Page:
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Supreme Court approves deal to keep Digicel operating

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Digicel founder Denis O'Brien (File photograph)

The Supreme Court of Bermuda has sanctioned a scheme of arrangement that will see Digicel founder and chairman Denis O'Brien lose most of his stake in the telecoms group.

The scheme primarily consists of a nearly $1.8 billion debt-equity swap as well as a $110 million rights issue.

Lawyer Rhys Williams, of Conyers, represented Digicel International Finance Limited, Digicel Intermediate Holdings Limited and Digicel Limited before Narinder Hargun, the Chief Justice, in the Supreme Court on Monday.

Mr Williams said the scheme had the overwhelming support of creditors.

He added that it will allow the group to continue as a going concern.

Nicholas Howard, of Walkers, and Kehinde George, of ASW Law, attended the hearing on behalf of an ad-hoc creditors’ group, and indicated their respective clients’ support for the scheme.

The Bermuda proceedings will now be put in front of Judge John P. Mastando III on Wednesday at a recognition hearing in the United States Bankruptcy Court for the Southern District of New York.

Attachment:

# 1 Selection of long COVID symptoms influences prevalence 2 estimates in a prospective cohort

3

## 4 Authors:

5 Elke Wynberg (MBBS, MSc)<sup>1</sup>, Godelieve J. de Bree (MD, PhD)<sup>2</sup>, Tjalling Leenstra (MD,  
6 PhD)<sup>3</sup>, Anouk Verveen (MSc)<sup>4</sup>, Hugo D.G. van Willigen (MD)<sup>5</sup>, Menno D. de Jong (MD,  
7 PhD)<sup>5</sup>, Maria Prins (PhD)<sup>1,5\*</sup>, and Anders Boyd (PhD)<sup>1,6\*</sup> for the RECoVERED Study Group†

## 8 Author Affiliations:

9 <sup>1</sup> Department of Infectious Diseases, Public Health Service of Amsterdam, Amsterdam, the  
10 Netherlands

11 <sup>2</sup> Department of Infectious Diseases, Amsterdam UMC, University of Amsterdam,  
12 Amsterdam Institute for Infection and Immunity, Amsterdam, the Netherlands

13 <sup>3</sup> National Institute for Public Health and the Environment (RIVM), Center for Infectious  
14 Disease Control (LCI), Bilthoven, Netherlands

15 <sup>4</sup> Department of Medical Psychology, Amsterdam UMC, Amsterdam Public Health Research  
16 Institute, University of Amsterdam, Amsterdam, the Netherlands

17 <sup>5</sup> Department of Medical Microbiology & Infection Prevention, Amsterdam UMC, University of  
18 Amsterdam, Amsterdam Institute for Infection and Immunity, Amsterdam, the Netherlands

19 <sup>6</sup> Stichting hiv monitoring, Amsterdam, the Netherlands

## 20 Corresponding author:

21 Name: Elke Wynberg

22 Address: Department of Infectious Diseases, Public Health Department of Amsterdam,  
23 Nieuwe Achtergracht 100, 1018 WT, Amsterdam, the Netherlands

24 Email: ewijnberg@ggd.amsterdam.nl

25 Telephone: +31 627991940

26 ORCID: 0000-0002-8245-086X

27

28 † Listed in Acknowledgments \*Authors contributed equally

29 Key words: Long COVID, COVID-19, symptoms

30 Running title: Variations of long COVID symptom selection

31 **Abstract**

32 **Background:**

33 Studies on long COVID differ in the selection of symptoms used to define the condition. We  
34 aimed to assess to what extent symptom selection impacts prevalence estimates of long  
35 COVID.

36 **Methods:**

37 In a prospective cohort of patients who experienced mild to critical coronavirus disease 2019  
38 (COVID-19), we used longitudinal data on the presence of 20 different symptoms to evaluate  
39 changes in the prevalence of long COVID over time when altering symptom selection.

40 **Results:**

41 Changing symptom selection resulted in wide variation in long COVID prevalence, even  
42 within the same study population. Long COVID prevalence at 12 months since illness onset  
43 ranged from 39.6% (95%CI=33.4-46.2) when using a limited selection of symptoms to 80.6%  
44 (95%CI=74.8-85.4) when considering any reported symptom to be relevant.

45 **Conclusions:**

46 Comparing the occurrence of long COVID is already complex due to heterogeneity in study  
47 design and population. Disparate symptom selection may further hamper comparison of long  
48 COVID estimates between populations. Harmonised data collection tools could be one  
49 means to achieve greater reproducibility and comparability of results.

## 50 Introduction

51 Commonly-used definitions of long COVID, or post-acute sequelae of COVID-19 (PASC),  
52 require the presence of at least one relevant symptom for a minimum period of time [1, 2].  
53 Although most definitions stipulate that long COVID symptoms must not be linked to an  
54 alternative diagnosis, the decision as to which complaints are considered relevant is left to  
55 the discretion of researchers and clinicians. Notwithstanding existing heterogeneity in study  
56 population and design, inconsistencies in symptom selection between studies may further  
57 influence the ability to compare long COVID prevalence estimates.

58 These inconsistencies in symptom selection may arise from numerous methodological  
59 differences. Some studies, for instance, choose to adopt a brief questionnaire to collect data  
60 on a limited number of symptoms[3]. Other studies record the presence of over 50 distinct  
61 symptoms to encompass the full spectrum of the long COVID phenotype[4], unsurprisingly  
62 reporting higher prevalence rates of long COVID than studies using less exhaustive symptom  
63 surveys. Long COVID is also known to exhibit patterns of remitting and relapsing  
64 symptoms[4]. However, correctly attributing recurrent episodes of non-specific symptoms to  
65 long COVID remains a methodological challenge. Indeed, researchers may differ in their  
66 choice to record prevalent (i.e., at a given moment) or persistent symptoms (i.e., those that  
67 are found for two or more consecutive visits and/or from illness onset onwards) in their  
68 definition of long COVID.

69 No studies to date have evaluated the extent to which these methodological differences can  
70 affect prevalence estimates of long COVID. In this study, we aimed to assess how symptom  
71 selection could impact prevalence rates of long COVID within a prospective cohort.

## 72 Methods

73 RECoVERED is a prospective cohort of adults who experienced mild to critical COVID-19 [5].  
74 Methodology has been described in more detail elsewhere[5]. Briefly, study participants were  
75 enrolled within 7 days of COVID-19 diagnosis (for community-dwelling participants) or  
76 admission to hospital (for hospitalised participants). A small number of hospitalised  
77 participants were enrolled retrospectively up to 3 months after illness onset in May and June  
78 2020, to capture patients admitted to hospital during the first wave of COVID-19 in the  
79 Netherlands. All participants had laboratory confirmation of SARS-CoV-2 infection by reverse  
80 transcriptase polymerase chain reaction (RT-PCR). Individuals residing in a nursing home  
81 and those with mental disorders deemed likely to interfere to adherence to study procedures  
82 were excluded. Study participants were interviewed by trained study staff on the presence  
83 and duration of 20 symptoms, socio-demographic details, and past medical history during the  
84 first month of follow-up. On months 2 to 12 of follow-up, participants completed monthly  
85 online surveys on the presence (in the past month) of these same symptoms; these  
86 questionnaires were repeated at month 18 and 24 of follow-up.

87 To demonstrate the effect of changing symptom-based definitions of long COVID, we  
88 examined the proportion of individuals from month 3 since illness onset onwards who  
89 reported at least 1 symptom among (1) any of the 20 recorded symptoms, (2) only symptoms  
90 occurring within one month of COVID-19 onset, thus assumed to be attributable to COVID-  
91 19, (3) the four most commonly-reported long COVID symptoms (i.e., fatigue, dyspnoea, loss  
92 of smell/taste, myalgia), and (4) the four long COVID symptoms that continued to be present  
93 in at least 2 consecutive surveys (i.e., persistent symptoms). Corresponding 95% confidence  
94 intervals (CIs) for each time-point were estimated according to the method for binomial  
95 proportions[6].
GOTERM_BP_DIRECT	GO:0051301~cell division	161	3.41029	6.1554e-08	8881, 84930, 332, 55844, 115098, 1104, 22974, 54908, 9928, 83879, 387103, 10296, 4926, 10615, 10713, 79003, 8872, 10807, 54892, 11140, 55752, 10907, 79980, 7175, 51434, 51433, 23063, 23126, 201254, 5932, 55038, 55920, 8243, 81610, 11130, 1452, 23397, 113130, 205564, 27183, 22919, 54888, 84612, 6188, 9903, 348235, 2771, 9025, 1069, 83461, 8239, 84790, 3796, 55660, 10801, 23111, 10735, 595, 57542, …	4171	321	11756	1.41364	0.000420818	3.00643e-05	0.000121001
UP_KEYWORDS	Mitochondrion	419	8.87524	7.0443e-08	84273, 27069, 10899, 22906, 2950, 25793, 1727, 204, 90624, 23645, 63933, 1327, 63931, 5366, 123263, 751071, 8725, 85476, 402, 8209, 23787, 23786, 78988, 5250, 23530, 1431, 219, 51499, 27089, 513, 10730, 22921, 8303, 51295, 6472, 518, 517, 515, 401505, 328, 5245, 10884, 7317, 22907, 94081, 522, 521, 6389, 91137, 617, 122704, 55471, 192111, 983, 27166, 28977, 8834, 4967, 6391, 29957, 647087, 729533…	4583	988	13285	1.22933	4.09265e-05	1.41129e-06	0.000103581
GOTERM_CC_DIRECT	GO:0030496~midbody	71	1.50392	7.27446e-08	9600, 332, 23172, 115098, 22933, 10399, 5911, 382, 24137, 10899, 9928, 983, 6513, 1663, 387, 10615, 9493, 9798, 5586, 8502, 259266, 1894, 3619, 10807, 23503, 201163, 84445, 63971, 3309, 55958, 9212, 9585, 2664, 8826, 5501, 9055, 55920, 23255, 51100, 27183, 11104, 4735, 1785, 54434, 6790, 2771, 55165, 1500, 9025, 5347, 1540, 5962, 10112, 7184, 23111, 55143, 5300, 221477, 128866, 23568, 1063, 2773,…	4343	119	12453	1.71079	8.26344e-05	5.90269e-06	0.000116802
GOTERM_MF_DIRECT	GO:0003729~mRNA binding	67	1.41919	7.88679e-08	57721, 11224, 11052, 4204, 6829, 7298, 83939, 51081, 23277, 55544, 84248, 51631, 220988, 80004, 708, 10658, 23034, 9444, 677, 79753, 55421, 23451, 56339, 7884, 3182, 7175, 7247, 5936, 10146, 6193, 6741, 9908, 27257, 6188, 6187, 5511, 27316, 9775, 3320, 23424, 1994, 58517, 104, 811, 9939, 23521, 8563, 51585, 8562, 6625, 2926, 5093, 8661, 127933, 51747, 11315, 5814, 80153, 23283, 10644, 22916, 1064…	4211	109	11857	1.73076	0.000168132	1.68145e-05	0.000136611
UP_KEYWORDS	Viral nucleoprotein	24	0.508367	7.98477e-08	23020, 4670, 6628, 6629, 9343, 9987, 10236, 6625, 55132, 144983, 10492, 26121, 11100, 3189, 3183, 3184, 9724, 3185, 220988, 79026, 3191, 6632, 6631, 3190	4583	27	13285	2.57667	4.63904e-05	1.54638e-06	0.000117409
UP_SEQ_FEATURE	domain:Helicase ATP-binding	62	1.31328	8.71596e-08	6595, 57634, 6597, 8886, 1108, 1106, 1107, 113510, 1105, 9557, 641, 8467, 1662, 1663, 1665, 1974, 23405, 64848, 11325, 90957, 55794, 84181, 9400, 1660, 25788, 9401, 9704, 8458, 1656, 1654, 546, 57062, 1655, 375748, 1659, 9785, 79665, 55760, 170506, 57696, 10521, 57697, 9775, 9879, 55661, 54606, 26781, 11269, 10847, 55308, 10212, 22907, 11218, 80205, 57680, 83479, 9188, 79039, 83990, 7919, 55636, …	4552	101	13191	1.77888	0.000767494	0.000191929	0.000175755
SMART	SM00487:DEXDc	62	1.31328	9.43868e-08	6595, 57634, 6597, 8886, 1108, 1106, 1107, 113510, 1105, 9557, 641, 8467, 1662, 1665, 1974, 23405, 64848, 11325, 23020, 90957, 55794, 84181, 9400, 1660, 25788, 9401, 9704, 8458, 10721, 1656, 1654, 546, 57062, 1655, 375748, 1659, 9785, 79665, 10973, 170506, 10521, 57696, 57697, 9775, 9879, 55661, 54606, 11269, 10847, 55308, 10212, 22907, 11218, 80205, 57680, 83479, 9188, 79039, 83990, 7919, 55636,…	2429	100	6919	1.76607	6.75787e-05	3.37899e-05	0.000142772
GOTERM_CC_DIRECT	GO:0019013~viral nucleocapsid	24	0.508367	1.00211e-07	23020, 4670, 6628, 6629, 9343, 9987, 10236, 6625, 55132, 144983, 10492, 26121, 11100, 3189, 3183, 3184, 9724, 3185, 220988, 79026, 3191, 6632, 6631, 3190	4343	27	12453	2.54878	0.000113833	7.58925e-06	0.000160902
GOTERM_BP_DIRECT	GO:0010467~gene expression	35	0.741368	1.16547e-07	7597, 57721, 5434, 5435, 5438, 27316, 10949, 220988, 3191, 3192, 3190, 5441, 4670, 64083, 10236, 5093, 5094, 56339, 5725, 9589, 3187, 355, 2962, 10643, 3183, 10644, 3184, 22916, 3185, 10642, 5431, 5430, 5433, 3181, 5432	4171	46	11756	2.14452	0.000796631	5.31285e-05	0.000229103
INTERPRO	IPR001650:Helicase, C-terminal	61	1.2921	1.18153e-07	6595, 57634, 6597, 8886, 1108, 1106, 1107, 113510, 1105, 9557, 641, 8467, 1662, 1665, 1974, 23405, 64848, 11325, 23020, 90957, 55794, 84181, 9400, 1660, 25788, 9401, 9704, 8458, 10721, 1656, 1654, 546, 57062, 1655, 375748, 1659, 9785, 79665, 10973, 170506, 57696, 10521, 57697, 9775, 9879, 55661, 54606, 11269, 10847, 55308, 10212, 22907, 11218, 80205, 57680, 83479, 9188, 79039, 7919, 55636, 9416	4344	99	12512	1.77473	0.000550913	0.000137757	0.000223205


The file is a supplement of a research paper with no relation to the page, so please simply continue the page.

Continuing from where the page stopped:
He will be asked to recognise the Bermuda proceedings. If he does so, Chapter 15 bankruptcy proceedings in New York will come to an end, and it will then be up to the parties to implement the scheme in Bermuda.

The Irish Times has reported that the restructuring deal will see bondholders convert their investment into an initial 62 per cent stake. It could increase to 90 per cent as the bondholders-turned-equity participants take part in a $110 million rights issue and further backstop agreement.

The news group said the restructuring will leave Mr O’Brien with a board seat and eventually 10 to 20 per cent of the company.

Digicel would come under the control of the bond investment firms, including US-based PGIM, GoldenTree Asset Management and Contrarian Capital Management.

The scheme was necessitated in large part because of economic disruption and public unrest in Haiti, which created instability that put a huge hole in earnings from one of the company’s key mobile phone markets.

Digicel operates in 25 markets including Bermuda.

Rhys Williams of law firm Conyers (File photograph)

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Published November 07, 2023 at 7:58 am (Updated November 07, 2023 at 7:21 am)

Supreme Court approves deal to keep Digicel operating

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